When President Obama announced last November that more than four million immigrants in the country illegally would be eligible for new protection from deportation and for work permits, the farm workers at Tuxedo Corn in Olathe celebrated with a party.
Many of the Tuxedo workers would have qualified for Obama’s orders extending protection to parents of citizen children. These undocumented workers were buoyed by the hope that they could stop living in the shadows and would no longer have to fear their families would be torn apart at any time.
Now, their hopes have been dashed by a complicated 60-page circuit-court ruling that, on the surface, has to do with state vs. federal authority and with the cost of issuing driver’s licenses to immigrants. But, in impacts on ordinary lives, it extends the limbo they have lived in for decades.[pullquote]“This is an emotional setback. I think it is the hardest on the kids. Kids have been excited about seeing their parents live in less fear and be able to become a more integral part of the community.”[/pullquote]
“Oh boy. They are going to give up hope. I can see that. They are going to have to stay underground,” said Tuxedo owner John Harold. “What are they going to do? They have no homeland. Some of these workers have been here 20-plus years.”
Immigrants like Harold’s workers were jolted Tuesday by the court ruling that has, for the time being, killed their chances of staying in the country without threat of deportation.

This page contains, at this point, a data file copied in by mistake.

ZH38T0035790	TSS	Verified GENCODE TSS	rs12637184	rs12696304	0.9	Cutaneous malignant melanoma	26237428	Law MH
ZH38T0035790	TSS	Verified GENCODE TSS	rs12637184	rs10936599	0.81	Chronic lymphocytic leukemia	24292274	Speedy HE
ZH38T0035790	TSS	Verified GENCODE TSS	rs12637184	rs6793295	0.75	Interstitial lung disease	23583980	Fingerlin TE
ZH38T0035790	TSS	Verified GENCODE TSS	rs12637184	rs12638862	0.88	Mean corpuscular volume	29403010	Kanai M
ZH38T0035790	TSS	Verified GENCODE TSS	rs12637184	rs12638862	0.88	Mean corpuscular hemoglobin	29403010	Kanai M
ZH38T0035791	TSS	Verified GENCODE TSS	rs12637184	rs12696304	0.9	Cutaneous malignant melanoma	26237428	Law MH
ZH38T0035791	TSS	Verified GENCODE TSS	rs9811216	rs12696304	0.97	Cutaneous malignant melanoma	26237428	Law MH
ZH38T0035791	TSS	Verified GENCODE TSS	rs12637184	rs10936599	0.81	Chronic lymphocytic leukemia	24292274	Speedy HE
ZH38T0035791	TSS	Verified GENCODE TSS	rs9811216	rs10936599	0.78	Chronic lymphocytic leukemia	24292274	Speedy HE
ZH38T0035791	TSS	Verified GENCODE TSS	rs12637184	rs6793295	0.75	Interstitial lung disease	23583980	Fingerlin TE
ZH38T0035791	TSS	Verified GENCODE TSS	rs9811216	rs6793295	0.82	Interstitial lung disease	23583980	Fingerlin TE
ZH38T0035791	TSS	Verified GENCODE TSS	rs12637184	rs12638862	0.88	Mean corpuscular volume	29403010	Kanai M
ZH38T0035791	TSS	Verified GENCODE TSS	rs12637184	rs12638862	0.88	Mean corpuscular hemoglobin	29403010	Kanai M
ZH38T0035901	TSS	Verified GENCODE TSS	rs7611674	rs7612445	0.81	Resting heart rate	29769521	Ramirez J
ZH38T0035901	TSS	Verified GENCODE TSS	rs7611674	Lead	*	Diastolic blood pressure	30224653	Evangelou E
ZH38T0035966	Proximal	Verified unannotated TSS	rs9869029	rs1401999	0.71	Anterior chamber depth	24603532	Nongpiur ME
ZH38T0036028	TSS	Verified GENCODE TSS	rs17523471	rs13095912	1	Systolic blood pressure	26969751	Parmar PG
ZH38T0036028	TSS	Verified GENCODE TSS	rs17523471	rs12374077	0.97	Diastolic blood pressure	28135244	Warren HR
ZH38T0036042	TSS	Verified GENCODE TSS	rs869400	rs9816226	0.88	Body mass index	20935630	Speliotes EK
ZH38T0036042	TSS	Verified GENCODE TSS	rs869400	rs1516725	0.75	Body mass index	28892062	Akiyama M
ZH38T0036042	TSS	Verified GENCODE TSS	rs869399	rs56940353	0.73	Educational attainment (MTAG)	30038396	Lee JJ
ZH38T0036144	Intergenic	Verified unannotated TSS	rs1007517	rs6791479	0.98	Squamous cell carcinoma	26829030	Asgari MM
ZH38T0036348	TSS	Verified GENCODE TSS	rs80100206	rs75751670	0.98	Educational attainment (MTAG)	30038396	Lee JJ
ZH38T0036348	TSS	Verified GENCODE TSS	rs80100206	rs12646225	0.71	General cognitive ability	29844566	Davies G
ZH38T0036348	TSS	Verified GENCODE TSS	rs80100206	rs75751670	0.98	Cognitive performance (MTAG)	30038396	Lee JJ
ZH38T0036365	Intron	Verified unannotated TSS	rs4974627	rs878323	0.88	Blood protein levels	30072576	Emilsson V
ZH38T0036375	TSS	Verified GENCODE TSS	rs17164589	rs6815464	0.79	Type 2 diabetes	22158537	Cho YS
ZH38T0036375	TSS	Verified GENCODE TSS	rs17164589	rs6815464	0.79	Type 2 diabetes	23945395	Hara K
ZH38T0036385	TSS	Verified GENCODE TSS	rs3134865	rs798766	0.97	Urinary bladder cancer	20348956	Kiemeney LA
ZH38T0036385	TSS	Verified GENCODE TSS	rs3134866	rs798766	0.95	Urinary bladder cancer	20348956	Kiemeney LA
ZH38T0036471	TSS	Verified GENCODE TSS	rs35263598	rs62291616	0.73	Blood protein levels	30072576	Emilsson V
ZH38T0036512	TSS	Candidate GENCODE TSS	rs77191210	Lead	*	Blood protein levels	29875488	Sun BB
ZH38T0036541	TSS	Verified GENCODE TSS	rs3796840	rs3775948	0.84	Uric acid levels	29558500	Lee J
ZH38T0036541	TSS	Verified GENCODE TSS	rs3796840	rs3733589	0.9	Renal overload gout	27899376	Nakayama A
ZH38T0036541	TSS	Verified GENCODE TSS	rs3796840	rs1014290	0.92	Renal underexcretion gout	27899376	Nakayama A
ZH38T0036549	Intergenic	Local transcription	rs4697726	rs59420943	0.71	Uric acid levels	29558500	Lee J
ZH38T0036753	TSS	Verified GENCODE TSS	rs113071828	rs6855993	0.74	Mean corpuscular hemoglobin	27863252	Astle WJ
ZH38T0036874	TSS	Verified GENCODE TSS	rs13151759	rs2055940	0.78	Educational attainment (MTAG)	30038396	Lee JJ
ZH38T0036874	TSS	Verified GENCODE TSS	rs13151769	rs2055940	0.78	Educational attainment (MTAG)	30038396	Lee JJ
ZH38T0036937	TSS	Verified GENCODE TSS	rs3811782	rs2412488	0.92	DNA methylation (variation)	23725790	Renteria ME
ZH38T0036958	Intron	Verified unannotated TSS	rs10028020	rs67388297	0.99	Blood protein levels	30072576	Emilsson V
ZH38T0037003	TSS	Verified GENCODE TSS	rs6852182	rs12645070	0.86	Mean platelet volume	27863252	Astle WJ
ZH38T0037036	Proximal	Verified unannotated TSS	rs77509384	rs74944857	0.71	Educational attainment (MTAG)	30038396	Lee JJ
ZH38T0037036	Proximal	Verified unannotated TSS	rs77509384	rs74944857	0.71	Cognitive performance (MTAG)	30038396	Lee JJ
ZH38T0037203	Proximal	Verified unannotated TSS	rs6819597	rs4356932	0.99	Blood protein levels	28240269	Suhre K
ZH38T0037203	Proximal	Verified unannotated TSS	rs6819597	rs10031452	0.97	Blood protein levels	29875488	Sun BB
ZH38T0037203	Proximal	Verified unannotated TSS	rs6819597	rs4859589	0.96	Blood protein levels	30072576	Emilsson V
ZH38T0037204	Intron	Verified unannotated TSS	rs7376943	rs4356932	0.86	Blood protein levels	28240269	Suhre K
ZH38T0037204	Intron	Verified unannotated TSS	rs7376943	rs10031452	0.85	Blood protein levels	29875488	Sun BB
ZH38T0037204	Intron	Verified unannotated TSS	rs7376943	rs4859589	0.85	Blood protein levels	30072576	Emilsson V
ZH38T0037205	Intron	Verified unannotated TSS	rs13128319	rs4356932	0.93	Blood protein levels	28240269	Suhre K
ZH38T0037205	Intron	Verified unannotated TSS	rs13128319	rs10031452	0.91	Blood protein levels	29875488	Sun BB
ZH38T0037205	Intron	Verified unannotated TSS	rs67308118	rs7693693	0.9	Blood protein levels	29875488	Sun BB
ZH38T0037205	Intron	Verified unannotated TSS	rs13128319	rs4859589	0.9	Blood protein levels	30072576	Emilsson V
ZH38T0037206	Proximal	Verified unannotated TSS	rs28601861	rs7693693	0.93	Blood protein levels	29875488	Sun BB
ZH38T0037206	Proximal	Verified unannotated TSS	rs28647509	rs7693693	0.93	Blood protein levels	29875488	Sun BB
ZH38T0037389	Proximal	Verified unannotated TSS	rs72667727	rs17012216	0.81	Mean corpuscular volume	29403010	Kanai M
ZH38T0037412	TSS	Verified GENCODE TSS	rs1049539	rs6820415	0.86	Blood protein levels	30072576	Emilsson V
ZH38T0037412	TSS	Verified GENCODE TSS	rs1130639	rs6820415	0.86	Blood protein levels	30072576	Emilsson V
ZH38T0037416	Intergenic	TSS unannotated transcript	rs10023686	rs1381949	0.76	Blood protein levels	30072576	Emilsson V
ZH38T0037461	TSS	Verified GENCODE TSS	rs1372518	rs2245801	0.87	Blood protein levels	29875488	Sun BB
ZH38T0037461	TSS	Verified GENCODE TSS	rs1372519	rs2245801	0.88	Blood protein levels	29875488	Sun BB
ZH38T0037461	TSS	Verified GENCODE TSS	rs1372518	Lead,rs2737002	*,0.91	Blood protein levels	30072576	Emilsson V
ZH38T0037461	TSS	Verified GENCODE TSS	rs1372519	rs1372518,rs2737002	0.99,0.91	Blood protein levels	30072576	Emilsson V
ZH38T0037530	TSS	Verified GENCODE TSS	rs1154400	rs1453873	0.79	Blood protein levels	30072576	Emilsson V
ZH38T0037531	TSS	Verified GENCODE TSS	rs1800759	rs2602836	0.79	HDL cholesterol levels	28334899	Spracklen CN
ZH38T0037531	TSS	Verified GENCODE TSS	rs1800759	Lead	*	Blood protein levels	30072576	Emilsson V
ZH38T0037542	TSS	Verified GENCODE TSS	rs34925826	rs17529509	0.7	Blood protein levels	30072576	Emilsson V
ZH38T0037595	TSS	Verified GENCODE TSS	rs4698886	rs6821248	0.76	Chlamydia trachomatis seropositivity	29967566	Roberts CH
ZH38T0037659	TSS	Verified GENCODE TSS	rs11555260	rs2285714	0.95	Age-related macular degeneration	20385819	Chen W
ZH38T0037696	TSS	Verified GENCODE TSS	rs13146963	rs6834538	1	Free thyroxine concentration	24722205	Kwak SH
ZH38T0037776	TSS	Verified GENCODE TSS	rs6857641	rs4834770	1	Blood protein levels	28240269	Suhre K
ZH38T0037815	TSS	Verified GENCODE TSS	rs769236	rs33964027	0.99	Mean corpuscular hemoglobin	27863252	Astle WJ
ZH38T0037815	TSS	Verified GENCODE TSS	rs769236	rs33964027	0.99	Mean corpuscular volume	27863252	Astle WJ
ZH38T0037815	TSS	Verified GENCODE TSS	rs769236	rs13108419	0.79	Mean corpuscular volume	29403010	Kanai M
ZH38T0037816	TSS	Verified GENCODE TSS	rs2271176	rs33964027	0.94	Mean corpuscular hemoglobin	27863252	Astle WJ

Some had already hired attorneys and started the process of collecting the necessary documents for the extension of the Deferred Action for Childhood Arrivals program and the Deferred Action for Parents of Americans and Lawful Permanent Residents.
The first measure grants protection to the Dreamers, those who were brought to the United States as children and who have no felonies or significant misdemeanors on their records. They must be in school or graduated, and cannot be considered threats to national security or public safety. That program was instituted in 2012 for immigrants who were brought to the United States before June 2007 and were under the age of 16. The expansion of that program that is now being halted was going to extend the cutoff date for entering the country to January 2010.
The second measure would give protection to parents of citizen or legal-resident children. The parents had to have been in the country prior to January 2010 and have the same clean record as the Dreamers.
The two measures didn’t create a path to citizenship. But they did remove the threat of deportation. The focus of the measures was to keep immigrant families together.
“This is an emotional setback,” said immigration attorney Jennifer Smith. “I think it is the hardest on the kids. Kids have been excited about seeing their parents live in less fear and be able to become a more integral part of the community.”
The setback came in a split 2-1 decision from the U.S. Court of Appeals for the 5th Circuit in New Orleans. The 60-page ruling found that an injunction imposed by a federal judge in Texas last February could continue while that judge considers a lawsuit from 26 states over the constitutionality of Obama’s executive orders on immigration. That remains to be litigated. The finding Tuesday determined that the injunction could remain in place because Obama’s new policies would create a financial burden when it comes to issuing driver’s licenses to immigrants.
Immigration attorney Jeff Joseph said he was not surprised by the decision, but has hopes as the matter moves through the courts that Obama’s executive orders will ultimately be upheld.
“We’ve lost the battle,” Jospeh said, “But not the war.”